International Children Day was celebrated in China on June 1. On this occasion, the Swedish Embassy together with the Raoul Wallenberg Institute in China organized an Experts’ Exchange on Juvenile Justice.
Twelve Chinese experts in the field of Juvenile Justice gathered and exchanged their views at the event. Various topics such as the new criminal procedure law, the best interest of the child in criminal procedure, and the role of various actors in reintegrating a child into society after he or she is found guilty of a crime were discussed.
In a short interview, moderators of the Experts’ Exchange Ms. Wang Xin and Mr. David Karlsson answered some questions here below.
Q: What is juvenile justice and why is it of interest in China today?
A: When a child or young person comes into conflict with the law, special considerations must be taken due to the very fact that children and young persons have different needs than adults. To ensure that children and young people that have become offenders are successfully rehabilitated and reintegrated into society, the justice system must ensure that procedures that respect the rights of the child and take the development of the child into consideration are put in place. This must be ensured throughout the justice system, from investigation to trial proceedings to sanctions or penalties. It must also involve all relevant actors, police, prosecutors, lawyers, judges, social workers and correctional officers. Juvenile justice is a concept used to describe these issues.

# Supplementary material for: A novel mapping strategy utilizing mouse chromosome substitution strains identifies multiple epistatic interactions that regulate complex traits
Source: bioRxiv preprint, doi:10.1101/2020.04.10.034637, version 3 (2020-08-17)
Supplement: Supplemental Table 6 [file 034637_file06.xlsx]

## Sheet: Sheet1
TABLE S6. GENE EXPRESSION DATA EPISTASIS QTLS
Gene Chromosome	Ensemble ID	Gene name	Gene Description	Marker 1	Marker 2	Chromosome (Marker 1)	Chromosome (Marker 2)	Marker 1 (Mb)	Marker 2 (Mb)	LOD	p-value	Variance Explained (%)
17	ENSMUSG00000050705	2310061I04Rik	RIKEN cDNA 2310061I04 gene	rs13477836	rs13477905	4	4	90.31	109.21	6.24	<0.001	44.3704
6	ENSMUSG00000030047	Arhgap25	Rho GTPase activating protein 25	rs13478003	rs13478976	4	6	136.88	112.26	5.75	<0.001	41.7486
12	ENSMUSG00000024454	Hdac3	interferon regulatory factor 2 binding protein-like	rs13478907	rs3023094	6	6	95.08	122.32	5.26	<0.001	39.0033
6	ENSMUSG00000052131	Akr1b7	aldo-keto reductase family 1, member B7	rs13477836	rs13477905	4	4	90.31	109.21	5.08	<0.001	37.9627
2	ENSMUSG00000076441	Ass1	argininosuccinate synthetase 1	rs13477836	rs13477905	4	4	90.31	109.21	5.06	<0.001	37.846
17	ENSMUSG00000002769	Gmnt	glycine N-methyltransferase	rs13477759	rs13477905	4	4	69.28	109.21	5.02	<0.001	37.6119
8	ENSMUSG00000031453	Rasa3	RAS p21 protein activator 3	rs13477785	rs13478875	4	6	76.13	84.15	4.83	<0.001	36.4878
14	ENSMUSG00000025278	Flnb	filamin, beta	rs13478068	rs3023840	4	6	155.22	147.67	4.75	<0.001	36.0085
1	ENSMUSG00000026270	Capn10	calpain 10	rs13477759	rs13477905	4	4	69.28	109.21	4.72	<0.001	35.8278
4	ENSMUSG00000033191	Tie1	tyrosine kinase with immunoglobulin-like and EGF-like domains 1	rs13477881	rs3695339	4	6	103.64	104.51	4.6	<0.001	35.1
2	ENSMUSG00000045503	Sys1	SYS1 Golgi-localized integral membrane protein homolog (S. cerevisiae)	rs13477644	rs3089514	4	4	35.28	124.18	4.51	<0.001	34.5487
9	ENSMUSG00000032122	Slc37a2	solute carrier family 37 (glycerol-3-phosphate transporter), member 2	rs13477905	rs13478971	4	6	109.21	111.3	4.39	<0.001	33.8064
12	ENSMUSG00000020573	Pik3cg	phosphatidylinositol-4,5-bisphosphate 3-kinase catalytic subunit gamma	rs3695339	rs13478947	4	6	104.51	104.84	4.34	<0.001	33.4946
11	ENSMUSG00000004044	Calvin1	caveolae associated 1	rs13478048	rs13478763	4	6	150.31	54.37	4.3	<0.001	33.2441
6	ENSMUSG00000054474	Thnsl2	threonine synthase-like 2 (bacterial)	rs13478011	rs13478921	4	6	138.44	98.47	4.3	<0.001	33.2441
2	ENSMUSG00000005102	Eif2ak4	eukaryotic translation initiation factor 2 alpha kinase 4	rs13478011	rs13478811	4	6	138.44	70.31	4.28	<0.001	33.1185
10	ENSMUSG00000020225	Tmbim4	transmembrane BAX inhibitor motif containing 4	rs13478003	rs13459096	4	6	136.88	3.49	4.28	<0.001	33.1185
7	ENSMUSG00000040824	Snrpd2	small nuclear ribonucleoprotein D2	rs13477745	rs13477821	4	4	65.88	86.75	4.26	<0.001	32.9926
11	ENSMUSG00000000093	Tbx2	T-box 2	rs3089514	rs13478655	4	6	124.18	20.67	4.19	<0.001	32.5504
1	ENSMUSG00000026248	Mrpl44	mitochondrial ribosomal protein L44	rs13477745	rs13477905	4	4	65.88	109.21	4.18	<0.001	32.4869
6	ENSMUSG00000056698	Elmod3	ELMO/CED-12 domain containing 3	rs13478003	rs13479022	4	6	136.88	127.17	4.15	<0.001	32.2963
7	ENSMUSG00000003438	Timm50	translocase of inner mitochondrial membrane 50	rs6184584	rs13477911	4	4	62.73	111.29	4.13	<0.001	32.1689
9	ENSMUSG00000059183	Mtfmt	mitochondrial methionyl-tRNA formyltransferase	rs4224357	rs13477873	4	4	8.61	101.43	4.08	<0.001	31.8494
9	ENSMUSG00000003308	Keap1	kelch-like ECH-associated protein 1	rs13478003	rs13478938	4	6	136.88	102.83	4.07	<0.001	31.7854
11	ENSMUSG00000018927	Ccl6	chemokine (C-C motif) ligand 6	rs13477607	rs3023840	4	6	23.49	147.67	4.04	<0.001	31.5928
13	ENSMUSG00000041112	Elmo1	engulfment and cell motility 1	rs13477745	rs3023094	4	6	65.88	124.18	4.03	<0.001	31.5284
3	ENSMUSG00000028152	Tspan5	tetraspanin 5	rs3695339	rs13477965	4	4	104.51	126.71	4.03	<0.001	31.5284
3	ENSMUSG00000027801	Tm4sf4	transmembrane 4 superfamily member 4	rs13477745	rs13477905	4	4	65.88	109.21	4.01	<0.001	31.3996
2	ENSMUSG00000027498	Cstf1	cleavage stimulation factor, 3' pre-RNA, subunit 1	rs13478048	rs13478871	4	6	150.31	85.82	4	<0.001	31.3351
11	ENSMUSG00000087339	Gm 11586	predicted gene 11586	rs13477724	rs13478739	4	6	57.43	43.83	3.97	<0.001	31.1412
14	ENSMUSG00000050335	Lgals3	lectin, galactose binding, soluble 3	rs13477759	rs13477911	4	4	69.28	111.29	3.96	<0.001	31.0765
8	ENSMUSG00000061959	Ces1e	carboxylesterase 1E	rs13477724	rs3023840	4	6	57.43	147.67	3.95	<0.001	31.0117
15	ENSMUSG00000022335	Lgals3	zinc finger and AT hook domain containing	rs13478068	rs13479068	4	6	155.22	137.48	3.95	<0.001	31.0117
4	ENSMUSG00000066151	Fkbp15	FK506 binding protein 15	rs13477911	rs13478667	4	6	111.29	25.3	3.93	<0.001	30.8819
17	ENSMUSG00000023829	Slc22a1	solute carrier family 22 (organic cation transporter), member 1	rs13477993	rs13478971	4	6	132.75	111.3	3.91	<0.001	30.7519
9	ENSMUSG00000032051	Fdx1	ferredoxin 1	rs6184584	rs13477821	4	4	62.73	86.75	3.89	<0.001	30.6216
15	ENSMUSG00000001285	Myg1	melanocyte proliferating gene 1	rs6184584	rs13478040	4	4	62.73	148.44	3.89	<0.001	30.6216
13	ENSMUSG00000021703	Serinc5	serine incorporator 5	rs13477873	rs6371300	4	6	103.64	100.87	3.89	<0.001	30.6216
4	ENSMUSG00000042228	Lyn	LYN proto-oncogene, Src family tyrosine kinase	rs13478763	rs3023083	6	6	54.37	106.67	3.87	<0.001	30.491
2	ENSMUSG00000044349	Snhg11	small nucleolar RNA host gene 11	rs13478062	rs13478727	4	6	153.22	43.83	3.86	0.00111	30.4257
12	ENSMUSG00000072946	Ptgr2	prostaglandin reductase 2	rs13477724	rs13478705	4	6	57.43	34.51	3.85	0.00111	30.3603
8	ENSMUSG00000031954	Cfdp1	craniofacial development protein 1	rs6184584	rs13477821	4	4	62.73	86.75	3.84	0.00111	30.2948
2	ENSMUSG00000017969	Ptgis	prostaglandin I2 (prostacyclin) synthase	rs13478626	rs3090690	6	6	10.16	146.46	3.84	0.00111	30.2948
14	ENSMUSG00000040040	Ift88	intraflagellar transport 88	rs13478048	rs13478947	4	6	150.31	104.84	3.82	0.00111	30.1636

Q: What did you think about today’s Experts’ Exchange?
A: The expert exchange today was very useful in highlighting improvements in the Chinese juvenile justice system while at the same time identifying remaining challenges. All countries must continuously strive to improve its juvenile justice system, and the revisions in the Chinese Criminal Procedure Law are very important steps in the right direction. The experts were able to highlight where focus now should be put in order to take further steps to improve the system. We also heard about challenges and good practices from other countries, and it is always useful to get comparative perspectives on difficult issues such as juvenile justice.